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HomeAwardsAward Contender-Richard King, War of the Worlds

Award Contender-Richard King, War of the Worlds

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Good sound design, says sound designer/supervising sound editor Richard King, is a subtractive process. It’s better to have one sound, like a solo instrument that helps tell the story, than have 50 sounds happening at once. “It’s like real life. If you’re driving along a street and you hear a horn, you only hear that one sound,” not everything else around you, says King, whose high-tension sound design for Steven Spielberg’s War of the Worlds is paramount to the film’s suspense.King, who’s crafted sound on the suspense films of M. Night Shyamalan and won his first Academy award for his historically accurate sound design on Peter Weir’s Master and Commander: The Far Side of the World, uses sound, or the lack thereof, to evoke the starkness that envelops New Jersey as the aliens begin their attack.“All power goes off, there’s nothing mechanical, and so the sound of everything changes,” he says. “From then on it’s a made-up landscape; you have to think ‘what would be here if there’s no traffic?’ You start hearing odd little details that you wouldn’t normally hear in an urban neighborhood. It becomes more of a living tapestry.”The sound of the aliens themselves was, for him, the film’s biggest challenge. While the sound-collecting expeditions to military bases, airfields and shipyards undertaken by recordists John Fasal and Eric Potter formed the basis of the movie’s war scenes, the aliens and their craft required something more visceral. “They could sound like anything,” says King.As the aliens approach, it’s not their sound you hear but a low bellow that suggests the impending horror. King says he (and several other sound designers) worked on that one sound for months, but the more complex it got, the less it worked. In desperation, he went back to his “solo instrument” philosophy: a single didgeridoo line put through a pair of processors provided “a big nasty sound that a war machine would make” aimed to invoke the same kind of fear and unease that audiences of the original 1953 movie would have felt.“I also worked at length on the movements of the tripods. They’re mechanical but Steve didn’t want them to be too clunky—he wanted them to be familiar-looking and -sounding.”With an enormously compressed schedule (King worked on War of the Worlds for five months, compared to the year he spent on Master and Commander) he was creating sounds as the visual effects team at ILM was still working out the details of how certain elements, such as the tripods, were to look. “There was a good cross-pollination of what it would look like and sound like driven by the fact that everyone was doing there jobs simultaneously. ILM got to start work on it about the time I did, and they were really under the gun,” he says.As the war between the aliens and mankind unfolded, King says he took pains not to make things too loud. “It would have been easy to do, because there are a lot of explosions and a lot of catastrophes. We had to find that balance where it’s still scary.”The experience of working on the film, though all-encompassing, provided King with the opportunity to rely not only on his training, but ultimately to learn to trust his own judgment. “I probably recorded more sound effects for this than I’ve recorded for a movie. But, as I discovered, your first instincts can be very valid.” 2006: Nominated, Academy Award for best achievement in sound editing War of the Worlds; 2004: Won, Academy Award for best sound editing Master and Commander: The Far Side of the World; Won, BAFTA Film Award for best sound Master and Commander: The Far Side of the World; Won, MPSE Golden Reel Award for best sound editing in domestic features: sound effects/foley Master and Commander: The Far Side of the World; Nominated, MPSE Golden Reel Award for best sound editing in domestic features: dialogue/ADR Master and Commander: The Far Side of the World; Won, Golden Satellite Award for best sound Master and Commander: The Far Side of the World; 2003: Nominated, Golden Satellite Award for best sound Signs; 2000: Nominated, MPSE Golden Reel Award for best sound editing – animated feature Pokémon: The First Movie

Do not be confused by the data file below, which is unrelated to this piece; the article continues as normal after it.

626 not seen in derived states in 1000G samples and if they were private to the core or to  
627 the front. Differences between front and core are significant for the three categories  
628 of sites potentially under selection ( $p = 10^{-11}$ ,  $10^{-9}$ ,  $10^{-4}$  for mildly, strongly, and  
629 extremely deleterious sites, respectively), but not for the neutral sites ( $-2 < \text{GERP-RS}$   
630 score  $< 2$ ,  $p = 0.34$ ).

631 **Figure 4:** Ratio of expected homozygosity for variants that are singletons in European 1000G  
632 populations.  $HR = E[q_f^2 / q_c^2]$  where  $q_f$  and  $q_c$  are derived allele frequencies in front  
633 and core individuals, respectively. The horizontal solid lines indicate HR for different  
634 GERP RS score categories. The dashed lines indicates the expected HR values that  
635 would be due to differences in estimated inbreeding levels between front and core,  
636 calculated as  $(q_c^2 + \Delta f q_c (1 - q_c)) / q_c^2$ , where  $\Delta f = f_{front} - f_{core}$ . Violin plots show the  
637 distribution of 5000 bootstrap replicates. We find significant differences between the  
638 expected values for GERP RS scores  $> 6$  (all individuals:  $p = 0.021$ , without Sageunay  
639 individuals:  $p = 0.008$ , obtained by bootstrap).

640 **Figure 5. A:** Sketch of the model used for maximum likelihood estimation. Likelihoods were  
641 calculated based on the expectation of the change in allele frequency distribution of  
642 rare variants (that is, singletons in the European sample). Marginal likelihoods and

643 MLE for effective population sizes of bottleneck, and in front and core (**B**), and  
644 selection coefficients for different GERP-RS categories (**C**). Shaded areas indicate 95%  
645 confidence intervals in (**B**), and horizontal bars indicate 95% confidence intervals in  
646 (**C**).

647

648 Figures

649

Written by Sam Molineaux

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